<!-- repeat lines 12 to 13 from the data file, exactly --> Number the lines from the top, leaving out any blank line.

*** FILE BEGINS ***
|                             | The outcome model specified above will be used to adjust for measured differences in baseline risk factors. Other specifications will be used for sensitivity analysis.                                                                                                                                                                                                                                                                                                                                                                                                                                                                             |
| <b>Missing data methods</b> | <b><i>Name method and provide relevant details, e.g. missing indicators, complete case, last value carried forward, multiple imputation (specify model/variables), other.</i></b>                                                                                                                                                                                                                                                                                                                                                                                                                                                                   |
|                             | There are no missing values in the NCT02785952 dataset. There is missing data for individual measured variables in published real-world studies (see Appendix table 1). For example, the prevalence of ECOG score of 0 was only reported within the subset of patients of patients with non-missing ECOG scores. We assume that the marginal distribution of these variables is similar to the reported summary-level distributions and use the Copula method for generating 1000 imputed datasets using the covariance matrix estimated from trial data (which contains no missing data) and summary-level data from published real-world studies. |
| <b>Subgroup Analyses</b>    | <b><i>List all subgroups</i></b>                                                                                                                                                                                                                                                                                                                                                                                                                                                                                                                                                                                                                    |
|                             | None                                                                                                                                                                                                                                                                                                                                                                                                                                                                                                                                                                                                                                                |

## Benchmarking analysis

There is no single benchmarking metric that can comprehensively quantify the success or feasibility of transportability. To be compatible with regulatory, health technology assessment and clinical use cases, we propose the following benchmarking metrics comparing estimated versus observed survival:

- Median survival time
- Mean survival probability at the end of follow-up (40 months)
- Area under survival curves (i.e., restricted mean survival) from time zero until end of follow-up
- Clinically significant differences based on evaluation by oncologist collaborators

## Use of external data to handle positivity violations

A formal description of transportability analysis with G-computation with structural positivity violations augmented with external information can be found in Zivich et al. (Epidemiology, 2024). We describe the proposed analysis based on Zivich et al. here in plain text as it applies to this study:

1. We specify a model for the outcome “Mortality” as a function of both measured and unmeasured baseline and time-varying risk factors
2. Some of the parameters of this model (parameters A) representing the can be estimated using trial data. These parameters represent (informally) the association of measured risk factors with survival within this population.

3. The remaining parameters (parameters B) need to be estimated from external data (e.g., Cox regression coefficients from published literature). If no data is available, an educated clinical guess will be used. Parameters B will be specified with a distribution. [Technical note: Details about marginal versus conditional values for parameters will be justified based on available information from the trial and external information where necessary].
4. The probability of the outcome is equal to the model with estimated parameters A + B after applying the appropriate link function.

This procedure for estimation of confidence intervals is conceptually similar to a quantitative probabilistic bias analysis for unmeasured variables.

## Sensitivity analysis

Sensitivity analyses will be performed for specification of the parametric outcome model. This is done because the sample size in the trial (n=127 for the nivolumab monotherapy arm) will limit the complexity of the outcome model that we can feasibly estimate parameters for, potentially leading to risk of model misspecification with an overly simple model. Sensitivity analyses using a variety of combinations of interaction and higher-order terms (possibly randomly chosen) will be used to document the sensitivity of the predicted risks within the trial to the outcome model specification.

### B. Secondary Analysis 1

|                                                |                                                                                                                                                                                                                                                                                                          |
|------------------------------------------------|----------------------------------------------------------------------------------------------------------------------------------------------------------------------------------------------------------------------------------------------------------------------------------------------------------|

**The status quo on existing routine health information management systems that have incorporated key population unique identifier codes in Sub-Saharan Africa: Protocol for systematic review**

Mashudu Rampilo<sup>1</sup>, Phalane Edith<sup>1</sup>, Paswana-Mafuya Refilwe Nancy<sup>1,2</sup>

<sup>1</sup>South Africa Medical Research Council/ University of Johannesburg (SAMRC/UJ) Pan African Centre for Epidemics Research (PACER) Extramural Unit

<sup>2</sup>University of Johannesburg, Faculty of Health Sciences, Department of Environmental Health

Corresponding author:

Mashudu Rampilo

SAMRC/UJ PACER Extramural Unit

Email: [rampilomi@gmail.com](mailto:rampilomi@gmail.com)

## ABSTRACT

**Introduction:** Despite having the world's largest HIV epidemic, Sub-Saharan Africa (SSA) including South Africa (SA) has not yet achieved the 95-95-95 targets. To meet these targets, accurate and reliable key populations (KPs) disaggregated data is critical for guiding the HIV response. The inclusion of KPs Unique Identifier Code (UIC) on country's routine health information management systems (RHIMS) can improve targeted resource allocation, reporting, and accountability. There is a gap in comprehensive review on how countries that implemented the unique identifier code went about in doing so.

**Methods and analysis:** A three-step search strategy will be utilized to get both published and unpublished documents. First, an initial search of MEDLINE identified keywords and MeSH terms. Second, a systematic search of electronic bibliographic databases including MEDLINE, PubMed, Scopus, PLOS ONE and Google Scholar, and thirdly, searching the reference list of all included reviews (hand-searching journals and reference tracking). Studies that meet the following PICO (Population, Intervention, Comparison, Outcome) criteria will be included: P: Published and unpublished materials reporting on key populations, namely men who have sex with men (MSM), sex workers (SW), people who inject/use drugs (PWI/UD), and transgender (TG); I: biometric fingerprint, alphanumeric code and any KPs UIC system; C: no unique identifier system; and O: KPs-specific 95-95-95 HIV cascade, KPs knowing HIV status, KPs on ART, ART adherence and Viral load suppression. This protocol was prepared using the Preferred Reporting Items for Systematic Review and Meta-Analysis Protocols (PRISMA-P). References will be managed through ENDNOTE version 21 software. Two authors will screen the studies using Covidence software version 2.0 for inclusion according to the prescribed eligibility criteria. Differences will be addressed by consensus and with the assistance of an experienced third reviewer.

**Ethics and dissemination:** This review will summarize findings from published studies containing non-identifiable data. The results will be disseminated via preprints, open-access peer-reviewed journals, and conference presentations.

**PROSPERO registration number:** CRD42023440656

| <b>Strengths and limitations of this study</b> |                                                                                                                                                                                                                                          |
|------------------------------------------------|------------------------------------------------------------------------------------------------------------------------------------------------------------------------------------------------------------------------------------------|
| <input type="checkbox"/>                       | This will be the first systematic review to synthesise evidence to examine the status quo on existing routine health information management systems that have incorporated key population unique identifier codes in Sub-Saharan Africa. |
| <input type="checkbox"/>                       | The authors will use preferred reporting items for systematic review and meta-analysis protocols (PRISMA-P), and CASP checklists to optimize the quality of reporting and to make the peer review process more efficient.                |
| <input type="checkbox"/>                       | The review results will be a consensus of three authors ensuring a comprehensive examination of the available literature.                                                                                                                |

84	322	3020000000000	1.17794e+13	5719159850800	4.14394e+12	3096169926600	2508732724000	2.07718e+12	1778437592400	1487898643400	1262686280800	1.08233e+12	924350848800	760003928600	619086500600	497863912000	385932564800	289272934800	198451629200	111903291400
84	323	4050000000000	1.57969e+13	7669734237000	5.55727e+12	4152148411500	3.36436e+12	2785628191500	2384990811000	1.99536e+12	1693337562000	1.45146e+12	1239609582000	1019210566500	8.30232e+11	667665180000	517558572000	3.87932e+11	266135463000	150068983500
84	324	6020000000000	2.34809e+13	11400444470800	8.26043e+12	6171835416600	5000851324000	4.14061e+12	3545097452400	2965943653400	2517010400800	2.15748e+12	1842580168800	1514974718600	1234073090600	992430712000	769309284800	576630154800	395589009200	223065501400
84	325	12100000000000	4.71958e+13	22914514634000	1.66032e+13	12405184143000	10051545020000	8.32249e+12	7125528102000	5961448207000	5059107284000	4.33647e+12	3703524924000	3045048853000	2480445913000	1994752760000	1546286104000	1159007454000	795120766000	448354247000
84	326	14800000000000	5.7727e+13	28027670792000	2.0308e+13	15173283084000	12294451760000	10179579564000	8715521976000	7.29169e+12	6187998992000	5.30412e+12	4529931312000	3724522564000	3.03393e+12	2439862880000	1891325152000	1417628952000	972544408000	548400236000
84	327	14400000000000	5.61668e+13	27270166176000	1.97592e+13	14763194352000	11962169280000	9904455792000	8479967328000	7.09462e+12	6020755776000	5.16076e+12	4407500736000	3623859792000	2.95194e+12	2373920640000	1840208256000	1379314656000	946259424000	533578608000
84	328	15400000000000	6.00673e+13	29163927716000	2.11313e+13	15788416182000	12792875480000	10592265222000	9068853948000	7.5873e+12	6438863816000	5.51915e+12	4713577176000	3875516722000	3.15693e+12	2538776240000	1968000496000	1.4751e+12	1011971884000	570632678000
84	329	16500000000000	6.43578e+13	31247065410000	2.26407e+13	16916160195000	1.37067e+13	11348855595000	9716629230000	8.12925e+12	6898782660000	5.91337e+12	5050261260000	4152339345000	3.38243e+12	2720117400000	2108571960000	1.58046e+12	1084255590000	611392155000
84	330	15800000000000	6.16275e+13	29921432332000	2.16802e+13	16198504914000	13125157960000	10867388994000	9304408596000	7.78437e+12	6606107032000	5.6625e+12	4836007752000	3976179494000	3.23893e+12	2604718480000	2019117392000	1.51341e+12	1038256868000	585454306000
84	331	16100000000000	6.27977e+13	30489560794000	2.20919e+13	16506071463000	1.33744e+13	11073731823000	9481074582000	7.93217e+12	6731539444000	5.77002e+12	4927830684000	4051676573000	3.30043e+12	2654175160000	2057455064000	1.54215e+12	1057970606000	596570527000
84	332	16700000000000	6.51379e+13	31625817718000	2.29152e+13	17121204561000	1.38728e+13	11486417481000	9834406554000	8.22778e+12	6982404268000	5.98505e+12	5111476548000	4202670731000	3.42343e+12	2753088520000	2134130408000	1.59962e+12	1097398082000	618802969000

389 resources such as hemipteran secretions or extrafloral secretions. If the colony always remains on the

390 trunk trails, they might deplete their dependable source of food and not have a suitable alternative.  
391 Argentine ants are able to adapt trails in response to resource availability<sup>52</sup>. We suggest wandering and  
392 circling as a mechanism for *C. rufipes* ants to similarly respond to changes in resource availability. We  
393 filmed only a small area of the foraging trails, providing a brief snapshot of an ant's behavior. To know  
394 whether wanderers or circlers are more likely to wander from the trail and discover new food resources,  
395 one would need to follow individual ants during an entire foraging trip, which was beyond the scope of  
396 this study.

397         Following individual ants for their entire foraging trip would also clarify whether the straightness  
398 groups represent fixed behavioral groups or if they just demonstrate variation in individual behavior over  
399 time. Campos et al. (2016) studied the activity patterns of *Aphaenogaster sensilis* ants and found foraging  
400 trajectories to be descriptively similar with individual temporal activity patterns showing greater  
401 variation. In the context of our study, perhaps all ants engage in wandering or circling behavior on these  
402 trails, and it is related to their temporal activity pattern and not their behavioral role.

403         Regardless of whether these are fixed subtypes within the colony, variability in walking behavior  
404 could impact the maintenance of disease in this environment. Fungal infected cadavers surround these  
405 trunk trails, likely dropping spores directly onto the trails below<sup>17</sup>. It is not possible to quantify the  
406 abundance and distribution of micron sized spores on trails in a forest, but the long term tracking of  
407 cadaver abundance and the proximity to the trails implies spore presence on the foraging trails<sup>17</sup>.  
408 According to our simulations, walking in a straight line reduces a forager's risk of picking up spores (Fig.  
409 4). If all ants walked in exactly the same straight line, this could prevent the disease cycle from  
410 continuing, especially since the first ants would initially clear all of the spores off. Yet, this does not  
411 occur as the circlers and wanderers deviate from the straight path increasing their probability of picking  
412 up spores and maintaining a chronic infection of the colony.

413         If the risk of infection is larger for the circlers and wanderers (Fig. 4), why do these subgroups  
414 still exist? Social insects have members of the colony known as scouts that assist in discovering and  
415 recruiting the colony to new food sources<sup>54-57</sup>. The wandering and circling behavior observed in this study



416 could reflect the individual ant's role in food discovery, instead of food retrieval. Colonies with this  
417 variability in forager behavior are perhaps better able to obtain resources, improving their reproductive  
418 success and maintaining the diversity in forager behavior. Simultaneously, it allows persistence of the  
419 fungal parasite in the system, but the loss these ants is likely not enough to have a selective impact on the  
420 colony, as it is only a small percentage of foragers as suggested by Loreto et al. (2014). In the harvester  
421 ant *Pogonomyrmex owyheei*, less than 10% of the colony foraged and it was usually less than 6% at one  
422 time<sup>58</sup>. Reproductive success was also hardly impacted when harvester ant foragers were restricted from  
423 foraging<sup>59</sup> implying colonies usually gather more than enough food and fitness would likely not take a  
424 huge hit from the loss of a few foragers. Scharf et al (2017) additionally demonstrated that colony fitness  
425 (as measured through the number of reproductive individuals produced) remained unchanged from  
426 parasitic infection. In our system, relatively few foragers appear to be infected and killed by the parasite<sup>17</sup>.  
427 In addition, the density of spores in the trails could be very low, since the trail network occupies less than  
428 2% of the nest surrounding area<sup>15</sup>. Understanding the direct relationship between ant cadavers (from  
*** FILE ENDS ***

## Use of external data to handle positivity violations

A formal description of transportability analysis with G-computation with structural positivity violations augmented with external information can be found in Zivich et al. (Epidemiology, 2024). We describe the proposed analysis based on Zivich et al. here in plain text as it applies to this study: